We’ve all worked for a boss who fancied him/herself as a leader but that’s only because of his position in the company. He showed little leadership skills but WAS a skillful – and fortunate – sap who happened to be in the right place when promotions were being given out.
Here are some leadership statistics to ponder:
- 18% of organizations say their leaders are “very effective” at meeting business goals*
- 25% of organizations say less than 10% of critical leadership positions have ready and willing successors*
- 58% of organizations top priority is closing leadership skill gaps*
- 71% of businesses feel that their leaders are not able to lead their organization into the future*
Pretty sobering statistics, no?
Without getting into what a leader should NOT be, here’s what a leader should be.
- A person’s drive shows that he or she is willing and able to exert exceptional effort to achieve a goal.
- Leaders have a desire to influence others.
- Leaders have self-confidence.
- A leader needs a high level of intelligence in order to influence others.
A leader must exert power over the employees he/she is responsible for. This is a daunting task with great responsibility. Where does this power come from?
Legitimate power – derived from an individual’s position in an organization.
Reward power – derived from an individual’s control over rewards such as a raise, promotion, bonus or even a favorable schedule.
Coercive power – derived from an individual’s ability to threaten negative outcomes.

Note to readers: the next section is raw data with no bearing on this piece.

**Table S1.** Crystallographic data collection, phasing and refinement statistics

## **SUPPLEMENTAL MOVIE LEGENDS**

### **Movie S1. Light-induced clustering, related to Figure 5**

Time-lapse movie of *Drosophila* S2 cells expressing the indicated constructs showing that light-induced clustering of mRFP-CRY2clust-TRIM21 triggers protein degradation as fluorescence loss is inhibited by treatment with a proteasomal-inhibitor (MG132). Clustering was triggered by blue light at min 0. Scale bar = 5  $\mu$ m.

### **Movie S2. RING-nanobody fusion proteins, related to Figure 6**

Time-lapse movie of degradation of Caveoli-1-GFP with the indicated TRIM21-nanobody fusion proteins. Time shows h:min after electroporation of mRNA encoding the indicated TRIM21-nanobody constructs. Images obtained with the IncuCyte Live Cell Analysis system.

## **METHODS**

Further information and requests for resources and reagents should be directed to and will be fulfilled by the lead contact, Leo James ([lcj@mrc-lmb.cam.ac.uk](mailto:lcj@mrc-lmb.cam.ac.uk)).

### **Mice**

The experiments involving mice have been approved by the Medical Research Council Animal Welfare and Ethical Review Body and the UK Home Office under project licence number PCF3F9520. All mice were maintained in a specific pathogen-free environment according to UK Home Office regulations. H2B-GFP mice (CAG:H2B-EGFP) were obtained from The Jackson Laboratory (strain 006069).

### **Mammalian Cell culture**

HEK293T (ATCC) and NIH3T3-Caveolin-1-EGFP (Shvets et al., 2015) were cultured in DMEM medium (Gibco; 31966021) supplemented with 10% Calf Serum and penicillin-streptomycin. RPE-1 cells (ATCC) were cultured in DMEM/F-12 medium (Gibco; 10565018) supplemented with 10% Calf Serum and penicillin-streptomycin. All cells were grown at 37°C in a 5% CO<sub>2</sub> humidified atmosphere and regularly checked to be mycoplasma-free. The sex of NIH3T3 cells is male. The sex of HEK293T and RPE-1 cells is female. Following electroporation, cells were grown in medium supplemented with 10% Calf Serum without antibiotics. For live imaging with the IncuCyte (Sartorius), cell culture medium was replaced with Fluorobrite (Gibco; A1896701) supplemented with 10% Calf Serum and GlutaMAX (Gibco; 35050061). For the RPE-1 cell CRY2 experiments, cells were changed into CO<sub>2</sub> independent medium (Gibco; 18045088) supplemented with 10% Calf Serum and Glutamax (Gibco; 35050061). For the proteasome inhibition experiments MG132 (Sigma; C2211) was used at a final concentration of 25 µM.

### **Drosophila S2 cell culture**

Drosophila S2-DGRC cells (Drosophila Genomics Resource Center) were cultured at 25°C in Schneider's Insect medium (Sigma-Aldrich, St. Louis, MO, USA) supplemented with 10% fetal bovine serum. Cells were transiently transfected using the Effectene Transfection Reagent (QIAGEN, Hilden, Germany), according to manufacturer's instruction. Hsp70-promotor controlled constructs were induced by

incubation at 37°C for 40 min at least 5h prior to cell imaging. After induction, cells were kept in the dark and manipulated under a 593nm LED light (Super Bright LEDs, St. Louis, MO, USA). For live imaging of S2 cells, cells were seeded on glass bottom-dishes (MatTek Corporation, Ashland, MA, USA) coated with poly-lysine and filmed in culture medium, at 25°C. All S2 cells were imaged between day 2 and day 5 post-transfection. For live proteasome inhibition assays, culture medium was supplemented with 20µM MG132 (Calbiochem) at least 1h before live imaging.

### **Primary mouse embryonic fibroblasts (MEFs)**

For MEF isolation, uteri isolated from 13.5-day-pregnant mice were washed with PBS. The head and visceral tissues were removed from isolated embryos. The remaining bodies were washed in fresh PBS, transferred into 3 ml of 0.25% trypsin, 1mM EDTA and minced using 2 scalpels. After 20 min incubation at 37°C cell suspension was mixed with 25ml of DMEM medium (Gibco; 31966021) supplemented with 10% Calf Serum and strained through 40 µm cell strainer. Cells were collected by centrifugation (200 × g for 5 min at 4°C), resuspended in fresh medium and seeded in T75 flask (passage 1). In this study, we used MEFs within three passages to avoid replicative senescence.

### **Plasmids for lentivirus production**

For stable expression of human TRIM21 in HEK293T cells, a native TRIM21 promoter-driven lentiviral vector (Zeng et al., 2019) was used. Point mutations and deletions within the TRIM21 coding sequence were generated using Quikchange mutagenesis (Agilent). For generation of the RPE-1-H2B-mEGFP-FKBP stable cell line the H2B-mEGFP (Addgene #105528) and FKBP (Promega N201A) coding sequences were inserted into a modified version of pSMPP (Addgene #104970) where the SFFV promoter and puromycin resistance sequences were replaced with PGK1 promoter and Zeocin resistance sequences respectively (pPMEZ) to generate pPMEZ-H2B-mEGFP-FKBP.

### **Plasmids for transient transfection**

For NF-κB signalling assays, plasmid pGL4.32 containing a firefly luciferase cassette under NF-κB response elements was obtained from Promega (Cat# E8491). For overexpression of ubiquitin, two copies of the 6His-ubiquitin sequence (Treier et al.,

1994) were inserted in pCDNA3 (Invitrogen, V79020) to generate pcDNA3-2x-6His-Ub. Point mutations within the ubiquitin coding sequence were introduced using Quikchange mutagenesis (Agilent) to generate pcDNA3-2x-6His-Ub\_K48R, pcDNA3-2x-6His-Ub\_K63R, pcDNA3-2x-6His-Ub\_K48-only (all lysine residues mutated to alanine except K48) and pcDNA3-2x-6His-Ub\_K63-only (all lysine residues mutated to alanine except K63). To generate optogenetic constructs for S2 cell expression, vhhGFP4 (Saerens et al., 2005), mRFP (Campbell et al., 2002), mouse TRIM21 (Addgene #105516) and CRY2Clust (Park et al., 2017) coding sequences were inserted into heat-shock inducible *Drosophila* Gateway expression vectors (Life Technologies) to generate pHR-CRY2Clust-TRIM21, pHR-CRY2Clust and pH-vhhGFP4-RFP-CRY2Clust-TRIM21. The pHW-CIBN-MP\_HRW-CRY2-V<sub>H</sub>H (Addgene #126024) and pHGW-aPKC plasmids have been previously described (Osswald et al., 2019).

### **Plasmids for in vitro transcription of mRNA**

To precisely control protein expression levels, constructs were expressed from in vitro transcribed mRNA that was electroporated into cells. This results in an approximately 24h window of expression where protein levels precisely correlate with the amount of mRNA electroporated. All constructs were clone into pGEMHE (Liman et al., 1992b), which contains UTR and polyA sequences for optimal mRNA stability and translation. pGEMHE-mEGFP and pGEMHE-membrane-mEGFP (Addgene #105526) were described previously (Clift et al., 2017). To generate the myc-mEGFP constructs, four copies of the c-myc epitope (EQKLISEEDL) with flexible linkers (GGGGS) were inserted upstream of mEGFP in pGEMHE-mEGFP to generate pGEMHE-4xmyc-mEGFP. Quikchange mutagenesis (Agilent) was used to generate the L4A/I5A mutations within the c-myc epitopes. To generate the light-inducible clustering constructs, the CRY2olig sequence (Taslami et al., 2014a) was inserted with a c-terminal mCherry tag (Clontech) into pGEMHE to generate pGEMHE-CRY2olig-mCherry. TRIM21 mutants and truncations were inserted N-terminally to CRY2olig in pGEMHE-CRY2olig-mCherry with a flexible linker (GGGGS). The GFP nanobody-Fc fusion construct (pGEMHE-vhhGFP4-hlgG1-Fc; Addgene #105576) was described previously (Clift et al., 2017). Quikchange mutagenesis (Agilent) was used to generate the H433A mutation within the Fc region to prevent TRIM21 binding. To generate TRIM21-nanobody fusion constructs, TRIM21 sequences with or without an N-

Expert power – derived from an individual’s personal charisma and the respect and admiration the individual inspires.
Many leaders have a combination of these sources of power to influence others – but it all comes down to this…
Autocratic: The needs of the employees come second. The supervisor makes decisions without input from staff, gives orders and expects them to be obeyed.
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This style is used when the goal to be achieved is most important regardless of how it is achieved. This is outcome-orientated leadership but can easily lead to reduced employee morale and resentment.
Bureaucratic: Leading “By the Book”, relies on rules, regulations and procedures for decisions. This is appropriate when employees aren’t permitted discretion in the decisions to be made.
This style works in well in factory settings where employee safety and product quality must be a high priority.
Democratic: Almost the reverse of the autocratic style. The supervisor wants to share and consult with the group in decision making. A democratic leader informs employees about all matters concerning them and may act upon their advice.
Laissez-faire: The hands-off approach. The supervisor does as little leading as possible. This leader delegates all power and authority to employees.
This style will work well when your employees are self-motivated and trained well. But if not, it can be chaos.
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Here’s what Melissa Lamson, President & CEO of Lamson Consulting, states in her excellent article “The Leadership Development Trends in 2018”:
Top management must continue to learn to inspire, motivate and empower their leadership teams. Listening to what’s needed “on the ground,” maybe even spending more time there, will give leaders the information they need to direct the company’s mission.
Spending time developing for the first time, or revisiting the firm’s culture and values, allows leaders to standardize policies, systems, and best practices – particularly globally. And most importantly, communication is vital. The messages leadership sends virtually and in person are essential to creating a positive and productive atmosphere.
A leader doesn’t have to be dynamic and charming–just highly communicative and transparent.
So, what’s YOUR leadership style? What is the source of your power and can you honestly say you “have what it takes” to be a leader?
Only time, and your employees, will tell…
Source: *infolearning.com, other information courtesy of Wiley & Sons